A Golden Age for Housing Advocacy?
Last week was huge for housing.
Nationally, the House- passed HEROES Act includes $100 billion for rental assistance, $11.5 billion in emergency shelter grants, and a broad, uniform eviction moratorium. Even more important, as NLIHC leader Diane Yentel pointed out, the housing package is identified as a “Democratic priority.” This means that a stimulus deal is unlikely to happen without it.
In California, a plan to delay tenant rent payments for ten years moved forward in the state legislature with key political support Landlords would get tax credits instead of rent. While this strategy does not “cancel” rent for good it eliminates any short-term eviction threats. It also gives California ten years to find alternative funding to meet tenants’ rent obligations.
The California plan also addresses a core legal reality: courts have never been hesitant to strike down tenant protection laws as unconstitutional “takings.” A state law exempting tenant rent payments without compensation to landlords would be readily struck down.
National, State and Local Campaigns
I describe in Generation Priced Out: Who Gets to Live in the New Urban America the nation’s growing affordability movement. It was America’s largest national housing movement since the New Deal and has grown even bigger with the call to “Cancel Rent.”
Today, national, state and local campaigns are occurring simultaneously.
Local tenants’ and affordable housing campaigns have been ongoing since the 1970’s. State campaigns come and go but are now fully engaged in California, Colorado Illinois, Massachusetts, Minnesota, New York, Washington and others (Oregon struck the jackpot last year by enacting statewide rent stabilization, statewide just cause eviction laws, and by legalizing legalizing fourplexes in major cities statewide).
For decades, the housing movement has been weaker nationally. There are three main reasons.
First, federally elected Democrats have prioritized health care, criminal justice reform, education, the environment, climate change, immigration reform and the economy over housing. The Democratic National Committee confirmed this hierarchy of priorities last week when a joint Biden-Sanders committee created six issue task forces for the Democratic platform—none involved housing.
Second, national Democrats have not seen housing affordability as a winning issue in non-coastal states or among swing voters. Bill Clinton and Barack Obama were elected president without any campaign speeches addressing the national affordability crisis.
Housing affordability was long seen as overwhelmingly impacting the urban poor. But as I describe in my book, starting in 2012 housing affordability became a middle-class crisis in “progressive” high housing cost cities . It severely impacted the middle-class years before the pandemic; it’s now even worse. The crisis is no longer seen as limited to the coasts or expensive urban areas; housing costs now impact voters whose turnout decides elections.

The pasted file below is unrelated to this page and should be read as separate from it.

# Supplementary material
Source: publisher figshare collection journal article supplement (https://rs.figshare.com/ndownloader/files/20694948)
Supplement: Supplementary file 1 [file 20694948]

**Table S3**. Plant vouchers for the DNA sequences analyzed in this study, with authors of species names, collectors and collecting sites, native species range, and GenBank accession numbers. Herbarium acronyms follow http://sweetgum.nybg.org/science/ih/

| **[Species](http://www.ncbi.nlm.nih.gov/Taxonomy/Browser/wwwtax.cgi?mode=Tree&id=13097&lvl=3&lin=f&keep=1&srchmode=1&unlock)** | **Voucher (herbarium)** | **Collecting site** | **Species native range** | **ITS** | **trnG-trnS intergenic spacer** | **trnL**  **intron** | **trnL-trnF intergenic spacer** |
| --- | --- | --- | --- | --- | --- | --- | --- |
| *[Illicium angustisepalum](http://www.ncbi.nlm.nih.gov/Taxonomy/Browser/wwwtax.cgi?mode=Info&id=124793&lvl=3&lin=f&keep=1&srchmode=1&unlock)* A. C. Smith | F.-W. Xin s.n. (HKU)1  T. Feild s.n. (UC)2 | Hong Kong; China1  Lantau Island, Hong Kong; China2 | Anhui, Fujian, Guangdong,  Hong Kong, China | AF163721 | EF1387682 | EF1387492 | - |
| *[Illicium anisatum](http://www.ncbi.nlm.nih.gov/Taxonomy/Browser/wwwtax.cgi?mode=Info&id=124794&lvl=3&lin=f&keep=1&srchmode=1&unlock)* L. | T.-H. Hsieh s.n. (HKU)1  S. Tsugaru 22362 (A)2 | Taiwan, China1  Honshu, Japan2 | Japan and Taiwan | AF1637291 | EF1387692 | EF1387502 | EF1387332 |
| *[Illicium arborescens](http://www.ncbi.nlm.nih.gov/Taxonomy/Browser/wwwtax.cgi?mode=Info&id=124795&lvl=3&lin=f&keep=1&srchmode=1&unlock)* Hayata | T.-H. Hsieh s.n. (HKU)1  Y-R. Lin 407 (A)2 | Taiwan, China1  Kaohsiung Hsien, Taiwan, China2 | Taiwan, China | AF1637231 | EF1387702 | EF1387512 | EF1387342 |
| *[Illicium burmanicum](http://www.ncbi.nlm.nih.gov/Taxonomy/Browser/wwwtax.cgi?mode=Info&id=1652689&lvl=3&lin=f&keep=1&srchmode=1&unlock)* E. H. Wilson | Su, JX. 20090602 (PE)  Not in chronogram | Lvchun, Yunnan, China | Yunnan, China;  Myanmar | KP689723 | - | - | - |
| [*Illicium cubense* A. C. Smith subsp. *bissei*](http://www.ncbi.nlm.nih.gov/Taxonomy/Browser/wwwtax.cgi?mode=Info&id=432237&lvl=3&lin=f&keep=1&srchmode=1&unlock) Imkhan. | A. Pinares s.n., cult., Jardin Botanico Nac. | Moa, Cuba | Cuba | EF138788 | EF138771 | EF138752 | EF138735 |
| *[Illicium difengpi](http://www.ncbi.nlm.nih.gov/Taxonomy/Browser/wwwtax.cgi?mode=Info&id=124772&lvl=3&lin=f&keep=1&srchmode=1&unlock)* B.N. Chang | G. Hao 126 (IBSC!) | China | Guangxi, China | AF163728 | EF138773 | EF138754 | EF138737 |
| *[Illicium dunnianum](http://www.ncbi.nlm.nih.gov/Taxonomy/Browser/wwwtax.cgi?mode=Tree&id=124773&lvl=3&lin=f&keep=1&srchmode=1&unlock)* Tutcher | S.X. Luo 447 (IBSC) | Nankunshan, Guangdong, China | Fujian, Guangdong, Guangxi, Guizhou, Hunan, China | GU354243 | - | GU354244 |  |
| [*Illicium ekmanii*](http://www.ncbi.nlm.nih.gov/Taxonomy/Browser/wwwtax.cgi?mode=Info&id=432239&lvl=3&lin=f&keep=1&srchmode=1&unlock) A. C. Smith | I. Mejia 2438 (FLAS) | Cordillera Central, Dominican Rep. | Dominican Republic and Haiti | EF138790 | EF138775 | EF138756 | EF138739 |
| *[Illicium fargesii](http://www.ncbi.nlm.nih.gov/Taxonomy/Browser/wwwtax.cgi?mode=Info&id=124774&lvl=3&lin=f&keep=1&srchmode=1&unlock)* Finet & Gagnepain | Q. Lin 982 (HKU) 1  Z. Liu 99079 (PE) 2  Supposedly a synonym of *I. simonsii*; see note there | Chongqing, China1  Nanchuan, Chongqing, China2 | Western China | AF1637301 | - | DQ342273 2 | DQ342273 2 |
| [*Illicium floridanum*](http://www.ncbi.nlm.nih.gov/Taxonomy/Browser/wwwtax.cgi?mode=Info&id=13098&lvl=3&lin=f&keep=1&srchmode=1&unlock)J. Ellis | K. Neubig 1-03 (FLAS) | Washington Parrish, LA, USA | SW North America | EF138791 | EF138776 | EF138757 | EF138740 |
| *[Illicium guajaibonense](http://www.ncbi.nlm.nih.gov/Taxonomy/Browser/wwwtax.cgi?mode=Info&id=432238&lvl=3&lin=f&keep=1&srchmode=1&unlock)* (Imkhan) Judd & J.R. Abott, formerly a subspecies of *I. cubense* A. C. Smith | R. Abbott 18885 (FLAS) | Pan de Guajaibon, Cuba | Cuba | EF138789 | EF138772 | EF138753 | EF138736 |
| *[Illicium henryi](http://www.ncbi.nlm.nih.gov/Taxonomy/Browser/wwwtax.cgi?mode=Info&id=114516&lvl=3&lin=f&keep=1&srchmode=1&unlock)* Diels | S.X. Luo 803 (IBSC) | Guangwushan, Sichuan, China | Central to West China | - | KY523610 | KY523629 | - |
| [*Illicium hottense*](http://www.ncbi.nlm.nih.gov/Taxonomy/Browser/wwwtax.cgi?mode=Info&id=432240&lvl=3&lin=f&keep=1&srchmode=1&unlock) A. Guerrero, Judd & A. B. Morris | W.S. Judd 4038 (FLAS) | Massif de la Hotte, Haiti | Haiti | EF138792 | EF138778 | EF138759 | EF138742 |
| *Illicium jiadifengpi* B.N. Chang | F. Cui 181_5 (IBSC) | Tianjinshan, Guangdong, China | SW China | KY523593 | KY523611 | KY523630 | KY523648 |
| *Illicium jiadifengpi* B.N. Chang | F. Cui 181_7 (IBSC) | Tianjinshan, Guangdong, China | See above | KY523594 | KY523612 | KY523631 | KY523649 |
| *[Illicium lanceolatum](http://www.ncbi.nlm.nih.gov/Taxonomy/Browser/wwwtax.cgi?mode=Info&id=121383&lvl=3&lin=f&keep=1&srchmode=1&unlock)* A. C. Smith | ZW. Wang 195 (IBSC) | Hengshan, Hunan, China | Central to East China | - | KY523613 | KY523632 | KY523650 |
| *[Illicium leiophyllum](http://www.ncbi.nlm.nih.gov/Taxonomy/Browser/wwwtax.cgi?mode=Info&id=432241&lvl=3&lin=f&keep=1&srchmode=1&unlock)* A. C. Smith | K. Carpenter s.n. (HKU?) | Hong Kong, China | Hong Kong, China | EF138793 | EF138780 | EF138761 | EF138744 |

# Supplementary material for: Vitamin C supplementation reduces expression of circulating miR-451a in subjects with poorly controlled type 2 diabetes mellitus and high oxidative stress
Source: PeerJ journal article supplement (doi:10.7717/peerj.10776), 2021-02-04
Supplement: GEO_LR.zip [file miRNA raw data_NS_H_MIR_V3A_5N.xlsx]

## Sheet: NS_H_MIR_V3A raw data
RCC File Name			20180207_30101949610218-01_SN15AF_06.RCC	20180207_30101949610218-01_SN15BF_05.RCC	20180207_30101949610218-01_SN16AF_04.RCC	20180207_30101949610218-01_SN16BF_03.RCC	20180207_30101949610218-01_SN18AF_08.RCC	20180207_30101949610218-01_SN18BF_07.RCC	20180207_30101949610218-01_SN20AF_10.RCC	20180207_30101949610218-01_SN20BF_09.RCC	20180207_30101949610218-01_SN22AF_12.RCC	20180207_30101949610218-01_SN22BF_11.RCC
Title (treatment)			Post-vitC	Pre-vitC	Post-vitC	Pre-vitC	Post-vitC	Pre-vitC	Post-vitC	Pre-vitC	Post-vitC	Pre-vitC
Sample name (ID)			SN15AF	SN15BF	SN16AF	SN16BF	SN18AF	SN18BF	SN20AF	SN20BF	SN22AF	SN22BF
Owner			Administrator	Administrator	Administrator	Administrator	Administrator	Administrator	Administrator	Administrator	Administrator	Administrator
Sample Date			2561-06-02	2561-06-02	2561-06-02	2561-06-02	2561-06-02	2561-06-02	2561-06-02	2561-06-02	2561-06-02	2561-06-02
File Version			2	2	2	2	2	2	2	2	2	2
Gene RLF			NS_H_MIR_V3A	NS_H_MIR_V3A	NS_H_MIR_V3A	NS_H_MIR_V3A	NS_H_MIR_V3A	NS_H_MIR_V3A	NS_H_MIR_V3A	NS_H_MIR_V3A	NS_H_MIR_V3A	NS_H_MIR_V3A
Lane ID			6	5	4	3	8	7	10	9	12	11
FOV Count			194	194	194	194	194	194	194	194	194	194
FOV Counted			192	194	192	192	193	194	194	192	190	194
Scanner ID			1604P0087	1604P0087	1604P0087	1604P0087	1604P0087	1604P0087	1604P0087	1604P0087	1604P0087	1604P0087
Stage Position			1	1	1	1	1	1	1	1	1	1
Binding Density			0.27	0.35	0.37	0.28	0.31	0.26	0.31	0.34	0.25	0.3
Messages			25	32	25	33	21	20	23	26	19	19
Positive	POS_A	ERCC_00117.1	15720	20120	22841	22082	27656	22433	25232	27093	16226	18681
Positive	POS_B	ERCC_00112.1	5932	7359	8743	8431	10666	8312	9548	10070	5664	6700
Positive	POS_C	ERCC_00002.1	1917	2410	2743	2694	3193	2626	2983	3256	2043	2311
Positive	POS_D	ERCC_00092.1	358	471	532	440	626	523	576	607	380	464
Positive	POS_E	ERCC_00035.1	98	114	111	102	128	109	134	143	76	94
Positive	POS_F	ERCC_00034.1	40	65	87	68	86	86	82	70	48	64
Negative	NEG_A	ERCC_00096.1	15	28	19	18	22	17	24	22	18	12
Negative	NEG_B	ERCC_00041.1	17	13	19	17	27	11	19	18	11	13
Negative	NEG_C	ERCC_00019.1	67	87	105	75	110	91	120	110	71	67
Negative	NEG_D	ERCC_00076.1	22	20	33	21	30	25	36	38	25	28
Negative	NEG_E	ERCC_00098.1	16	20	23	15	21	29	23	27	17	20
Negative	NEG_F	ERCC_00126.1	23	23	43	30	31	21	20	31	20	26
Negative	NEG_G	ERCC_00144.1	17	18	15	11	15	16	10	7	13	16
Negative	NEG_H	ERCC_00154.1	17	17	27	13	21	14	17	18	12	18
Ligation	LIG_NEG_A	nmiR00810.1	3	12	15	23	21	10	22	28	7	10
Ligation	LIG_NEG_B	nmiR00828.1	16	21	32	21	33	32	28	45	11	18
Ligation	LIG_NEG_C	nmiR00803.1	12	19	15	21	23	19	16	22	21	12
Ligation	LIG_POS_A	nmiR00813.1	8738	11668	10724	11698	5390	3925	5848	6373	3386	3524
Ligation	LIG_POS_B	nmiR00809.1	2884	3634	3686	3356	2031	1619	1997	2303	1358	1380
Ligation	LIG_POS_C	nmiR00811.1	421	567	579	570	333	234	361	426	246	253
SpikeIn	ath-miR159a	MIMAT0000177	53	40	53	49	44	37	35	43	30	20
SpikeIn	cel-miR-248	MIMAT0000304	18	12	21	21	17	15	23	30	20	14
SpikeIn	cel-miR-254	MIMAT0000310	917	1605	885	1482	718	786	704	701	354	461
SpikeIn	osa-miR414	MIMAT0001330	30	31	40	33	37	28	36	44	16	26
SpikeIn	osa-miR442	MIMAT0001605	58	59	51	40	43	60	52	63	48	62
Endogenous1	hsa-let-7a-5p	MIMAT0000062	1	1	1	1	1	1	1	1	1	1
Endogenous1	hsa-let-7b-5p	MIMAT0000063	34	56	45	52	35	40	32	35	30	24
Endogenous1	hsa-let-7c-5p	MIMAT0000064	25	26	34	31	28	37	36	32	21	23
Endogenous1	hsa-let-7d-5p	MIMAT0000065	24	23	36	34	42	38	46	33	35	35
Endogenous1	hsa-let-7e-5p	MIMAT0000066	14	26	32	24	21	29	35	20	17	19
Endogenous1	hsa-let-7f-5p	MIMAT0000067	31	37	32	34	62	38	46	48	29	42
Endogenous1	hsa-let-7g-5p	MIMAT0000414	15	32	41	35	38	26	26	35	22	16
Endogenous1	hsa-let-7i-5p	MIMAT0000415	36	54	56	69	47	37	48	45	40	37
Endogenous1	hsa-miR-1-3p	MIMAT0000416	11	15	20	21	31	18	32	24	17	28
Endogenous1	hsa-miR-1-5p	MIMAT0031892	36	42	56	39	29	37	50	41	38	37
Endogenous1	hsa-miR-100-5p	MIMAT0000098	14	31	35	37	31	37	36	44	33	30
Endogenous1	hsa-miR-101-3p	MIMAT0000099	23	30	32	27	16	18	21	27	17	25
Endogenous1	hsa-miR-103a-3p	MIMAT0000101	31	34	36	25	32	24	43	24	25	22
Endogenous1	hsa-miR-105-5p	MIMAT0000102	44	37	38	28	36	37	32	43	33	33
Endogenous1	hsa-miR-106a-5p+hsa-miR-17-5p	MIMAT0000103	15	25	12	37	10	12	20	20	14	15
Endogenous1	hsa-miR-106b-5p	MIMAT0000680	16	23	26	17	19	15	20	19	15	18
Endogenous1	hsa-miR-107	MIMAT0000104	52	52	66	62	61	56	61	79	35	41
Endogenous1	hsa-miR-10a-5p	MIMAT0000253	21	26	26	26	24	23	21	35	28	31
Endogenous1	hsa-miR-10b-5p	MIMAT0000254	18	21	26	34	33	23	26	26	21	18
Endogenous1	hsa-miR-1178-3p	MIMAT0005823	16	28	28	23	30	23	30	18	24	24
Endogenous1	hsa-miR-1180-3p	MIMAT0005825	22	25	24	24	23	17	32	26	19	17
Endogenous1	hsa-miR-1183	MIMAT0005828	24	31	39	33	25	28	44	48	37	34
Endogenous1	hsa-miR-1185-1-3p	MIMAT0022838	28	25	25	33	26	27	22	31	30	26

This leads to the third reason for America’s previously weak national housing movement: a lack of organizational unity and resources to mount national campaigns.
Education and health care advocacy is driven by unions whose resources and organizing staff are directed to these larger policy goals. In contrast, nothing like AFSCME, SEIU, NEA or AFT exist in the housing sectory. Nor is there a housing group with the advocacy resources of the Sierra Club and the other large environmental groups; housing groups are mostly funded locally and are very grassroots.
The lack of other organizational resources has long put a huge burden on DC-based housing policy groups. Fortunately, under the leadership of Diane Yentel at NLIHC we now have a policy leader who also understands how to mobilize the national housing base.
I just finished a chapter for an upcoming edited book on how social media can boost activist campaigns. I used Yentel’s reliance on Twitter during the prior stimulus package as an example. NLIHC’s outreach team includes Director of Field Organizing Joey Lindstrom, who I joined in housing activism when he was a student in Madison two decades ago. NLIHC’s team gets the word out to its member groups and supporters faster and more effectively than ever before. This is a big reason for our success in Congress.
I wrote a 1999 book for UC Press, Reclaiming America, that argued that problems like homelessness, affordable housing, the environment, labor rights and more were increasingly decided nationally while activists primarily worked locally. I think housing has confirmed my arguments. As great a job as local activists have done winning tenant protections, the number of unhoused is at record highs. And a society denying federal housing aid to 75% of eligible recipients is truly a failed state.
The increasing power of national housing mobilizing is huge. We can win this $100 billion from Congress. Let’s keep fighting!
Randy Shaw is the author of Generation Priced Out: Who Gets to Live in the New Urban AmericaFiled under: National Politics